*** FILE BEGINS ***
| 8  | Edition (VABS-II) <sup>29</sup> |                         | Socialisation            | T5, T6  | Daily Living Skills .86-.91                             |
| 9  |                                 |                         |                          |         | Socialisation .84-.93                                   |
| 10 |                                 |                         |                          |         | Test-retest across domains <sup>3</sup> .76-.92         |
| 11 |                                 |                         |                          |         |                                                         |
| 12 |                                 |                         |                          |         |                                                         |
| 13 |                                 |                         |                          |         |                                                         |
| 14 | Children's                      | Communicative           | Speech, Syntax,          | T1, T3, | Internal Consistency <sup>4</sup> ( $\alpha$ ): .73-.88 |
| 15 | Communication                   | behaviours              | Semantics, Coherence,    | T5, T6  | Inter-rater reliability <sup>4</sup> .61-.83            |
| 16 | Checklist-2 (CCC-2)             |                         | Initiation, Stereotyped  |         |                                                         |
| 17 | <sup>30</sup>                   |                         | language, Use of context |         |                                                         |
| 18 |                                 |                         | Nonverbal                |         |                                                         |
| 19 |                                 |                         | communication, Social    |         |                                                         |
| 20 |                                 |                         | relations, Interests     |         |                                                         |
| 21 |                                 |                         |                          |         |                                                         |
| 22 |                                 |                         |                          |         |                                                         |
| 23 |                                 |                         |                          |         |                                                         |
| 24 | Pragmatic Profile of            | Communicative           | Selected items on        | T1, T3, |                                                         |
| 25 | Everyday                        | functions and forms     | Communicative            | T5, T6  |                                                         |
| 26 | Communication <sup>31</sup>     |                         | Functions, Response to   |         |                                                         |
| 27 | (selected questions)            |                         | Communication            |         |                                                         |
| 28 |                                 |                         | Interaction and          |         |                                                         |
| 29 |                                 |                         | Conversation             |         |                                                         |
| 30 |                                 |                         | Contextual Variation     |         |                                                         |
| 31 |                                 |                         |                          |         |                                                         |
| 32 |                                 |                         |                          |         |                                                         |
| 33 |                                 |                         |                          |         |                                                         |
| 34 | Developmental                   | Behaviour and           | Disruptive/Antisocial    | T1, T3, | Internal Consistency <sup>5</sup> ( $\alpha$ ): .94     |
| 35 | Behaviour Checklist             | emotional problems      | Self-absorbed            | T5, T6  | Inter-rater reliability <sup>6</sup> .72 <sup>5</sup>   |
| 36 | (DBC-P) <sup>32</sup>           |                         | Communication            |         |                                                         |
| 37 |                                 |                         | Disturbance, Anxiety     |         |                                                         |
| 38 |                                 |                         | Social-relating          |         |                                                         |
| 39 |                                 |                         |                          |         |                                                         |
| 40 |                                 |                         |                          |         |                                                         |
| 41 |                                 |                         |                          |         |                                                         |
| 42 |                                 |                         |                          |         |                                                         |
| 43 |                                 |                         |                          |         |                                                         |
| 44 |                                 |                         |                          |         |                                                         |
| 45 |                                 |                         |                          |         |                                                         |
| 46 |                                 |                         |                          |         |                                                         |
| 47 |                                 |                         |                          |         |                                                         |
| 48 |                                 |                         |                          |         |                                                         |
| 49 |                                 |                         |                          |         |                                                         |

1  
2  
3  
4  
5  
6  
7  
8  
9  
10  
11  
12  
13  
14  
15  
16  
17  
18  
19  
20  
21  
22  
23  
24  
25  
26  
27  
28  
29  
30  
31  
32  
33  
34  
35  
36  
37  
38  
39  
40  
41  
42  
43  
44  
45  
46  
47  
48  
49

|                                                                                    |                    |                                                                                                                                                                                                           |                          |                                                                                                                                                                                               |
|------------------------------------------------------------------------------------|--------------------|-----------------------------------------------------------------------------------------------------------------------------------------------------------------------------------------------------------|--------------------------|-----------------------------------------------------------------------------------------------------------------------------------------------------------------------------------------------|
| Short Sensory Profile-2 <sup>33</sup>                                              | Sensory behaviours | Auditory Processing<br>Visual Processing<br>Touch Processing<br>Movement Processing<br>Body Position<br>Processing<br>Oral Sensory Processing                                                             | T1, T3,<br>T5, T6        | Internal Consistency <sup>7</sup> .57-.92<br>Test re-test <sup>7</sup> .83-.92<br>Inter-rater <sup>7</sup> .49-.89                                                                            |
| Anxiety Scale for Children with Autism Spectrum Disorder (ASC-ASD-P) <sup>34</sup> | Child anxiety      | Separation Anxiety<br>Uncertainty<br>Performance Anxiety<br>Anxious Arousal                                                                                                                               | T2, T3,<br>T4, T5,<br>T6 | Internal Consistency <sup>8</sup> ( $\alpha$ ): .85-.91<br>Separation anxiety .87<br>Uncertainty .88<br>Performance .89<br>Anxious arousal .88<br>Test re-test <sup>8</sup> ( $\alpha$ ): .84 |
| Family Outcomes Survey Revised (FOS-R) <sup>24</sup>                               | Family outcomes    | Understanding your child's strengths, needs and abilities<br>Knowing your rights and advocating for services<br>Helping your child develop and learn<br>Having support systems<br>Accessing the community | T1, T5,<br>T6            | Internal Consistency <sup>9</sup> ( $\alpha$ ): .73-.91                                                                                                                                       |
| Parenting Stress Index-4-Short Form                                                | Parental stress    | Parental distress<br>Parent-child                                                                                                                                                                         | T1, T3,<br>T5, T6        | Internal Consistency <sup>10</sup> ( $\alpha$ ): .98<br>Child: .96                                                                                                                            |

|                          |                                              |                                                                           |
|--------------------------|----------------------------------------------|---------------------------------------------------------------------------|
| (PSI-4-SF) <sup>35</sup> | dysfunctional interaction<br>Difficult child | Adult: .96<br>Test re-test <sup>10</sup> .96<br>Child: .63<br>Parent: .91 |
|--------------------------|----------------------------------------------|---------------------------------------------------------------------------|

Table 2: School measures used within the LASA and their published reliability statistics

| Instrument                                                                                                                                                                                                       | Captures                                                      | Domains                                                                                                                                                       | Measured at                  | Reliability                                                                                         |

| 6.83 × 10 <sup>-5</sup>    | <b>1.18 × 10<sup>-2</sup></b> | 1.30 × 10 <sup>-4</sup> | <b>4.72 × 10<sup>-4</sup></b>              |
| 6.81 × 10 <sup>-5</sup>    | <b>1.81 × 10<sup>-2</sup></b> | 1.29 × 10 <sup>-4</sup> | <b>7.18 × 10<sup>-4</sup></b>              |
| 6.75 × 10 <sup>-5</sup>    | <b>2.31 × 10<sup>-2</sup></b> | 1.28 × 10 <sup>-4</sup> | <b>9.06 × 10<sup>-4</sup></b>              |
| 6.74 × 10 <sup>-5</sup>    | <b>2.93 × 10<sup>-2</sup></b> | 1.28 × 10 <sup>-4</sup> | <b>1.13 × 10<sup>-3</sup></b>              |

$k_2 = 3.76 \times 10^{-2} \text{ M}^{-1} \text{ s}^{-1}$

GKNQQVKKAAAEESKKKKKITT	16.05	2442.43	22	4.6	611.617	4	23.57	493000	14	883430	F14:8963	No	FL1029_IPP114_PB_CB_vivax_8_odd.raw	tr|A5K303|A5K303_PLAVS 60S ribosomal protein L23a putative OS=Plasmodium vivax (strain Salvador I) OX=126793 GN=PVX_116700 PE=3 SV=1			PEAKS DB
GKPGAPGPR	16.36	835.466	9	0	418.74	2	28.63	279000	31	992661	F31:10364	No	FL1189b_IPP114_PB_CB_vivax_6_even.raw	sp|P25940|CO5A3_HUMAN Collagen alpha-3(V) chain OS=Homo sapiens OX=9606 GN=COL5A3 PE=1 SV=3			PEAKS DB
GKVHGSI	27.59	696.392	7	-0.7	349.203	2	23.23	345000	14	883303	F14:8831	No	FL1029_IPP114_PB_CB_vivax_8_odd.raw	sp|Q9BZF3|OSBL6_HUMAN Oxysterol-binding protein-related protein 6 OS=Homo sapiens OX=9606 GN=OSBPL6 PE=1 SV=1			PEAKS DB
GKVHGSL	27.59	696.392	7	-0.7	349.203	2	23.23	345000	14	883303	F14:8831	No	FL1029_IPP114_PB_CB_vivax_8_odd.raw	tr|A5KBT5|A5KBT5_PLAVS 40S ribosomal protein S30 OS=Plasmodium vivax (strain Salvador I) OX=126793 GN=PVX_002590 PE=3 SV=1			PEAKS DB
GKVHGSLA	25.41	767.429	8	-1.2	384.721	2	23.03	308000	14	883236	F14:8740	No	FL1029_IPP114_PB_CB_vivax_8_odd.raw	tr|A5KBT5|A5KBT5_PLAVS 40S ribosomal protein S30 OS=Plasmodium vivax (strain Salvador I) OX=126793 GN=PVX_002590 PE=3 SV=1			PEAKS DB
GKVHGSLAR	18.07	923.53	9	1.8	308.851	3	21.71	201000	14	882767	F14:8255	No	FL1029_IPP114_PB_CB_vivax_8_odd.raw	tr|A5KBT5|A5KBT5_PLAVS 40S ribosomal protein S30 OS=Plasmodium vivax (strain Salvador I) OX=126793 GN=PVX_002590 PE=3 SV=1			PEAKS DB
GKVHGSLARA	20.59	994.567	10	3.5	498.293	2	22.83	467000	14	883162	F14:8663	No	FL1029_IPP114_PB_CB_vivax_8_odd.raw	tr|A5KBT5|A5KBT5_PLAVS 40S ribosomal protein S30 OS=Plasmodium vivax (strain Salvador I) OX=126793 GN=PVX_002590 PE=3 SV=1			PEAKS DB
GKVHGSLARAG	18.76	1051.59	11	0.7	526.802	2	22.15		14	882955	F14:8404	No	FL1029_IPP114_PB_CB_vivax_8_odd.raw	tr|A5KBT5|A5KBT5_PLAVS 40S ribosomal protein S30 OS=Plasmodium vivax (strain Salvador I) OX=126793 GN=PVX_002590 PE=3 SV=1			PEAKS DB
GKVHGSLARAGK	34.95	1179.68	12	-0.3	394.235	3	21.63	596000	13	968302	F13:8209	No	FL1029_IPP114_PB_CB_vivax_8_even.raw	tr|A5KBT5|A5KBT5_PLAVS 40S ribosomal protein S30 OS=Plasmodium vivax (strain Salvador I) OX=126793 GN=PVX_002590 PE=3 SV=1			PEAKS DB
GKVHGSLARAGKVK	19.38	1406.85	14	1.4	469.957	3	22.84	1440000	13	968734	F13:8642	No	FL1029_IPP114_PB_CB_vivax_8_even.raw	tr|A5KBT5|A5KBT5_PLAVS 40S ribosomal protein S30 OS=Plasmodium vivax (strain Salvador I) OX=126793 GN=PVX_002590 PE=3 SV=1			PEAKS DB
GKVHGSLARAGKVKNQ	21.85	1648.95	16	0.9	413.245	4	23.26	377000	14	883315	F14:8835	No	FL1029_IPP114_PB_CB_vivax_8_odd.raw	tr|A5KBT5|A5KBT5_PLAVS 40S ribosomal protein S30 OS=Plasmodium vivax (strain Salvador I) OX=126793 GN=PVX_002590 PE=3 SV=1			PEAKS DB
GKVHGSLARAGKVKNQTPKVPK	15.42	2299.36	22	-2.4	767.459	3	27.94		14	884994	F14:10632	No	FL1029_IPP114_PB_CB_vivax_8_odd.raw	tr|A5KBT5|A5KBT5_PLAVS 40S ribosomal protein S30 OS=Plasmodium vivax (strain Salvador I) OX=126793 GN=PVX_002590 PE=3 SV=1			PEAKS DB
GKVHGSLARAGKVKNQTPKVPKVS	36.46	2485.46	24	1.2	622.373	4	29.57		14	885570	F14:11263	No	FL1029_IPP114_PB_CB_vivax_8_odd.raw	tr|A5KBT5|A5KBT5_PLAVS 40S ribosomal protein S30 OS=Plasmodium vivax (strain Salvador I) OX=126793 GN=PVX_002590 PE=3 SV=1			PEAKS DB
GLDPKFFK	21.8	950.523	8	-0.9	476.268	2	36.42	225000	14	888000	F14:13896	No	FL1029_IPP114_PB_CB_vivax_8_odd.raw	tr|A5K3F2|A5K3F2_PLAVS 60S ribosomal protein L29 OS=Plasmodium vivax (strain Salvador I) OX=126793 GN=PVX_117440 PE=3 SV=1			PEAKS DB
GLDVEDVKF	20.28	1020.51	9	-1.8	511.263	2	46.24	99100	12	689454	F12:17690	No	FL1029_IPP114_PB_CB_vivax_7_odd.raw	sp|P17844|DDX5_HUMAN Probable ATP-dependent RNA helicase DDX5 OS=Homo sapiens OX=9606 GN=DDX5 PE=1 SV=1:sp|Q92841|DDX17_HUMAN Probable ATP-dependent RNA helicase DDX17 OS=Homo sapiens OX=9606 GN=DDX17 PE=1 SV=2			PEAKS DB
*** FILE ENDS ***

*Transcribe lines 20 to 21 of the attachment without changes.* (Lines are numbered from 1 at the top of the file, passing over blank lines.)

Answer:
| 27 | (selected questions)            |                         | Communication            |         |                                                         |
| 28 |                                 |                         | Interaction and          |         |                                                         |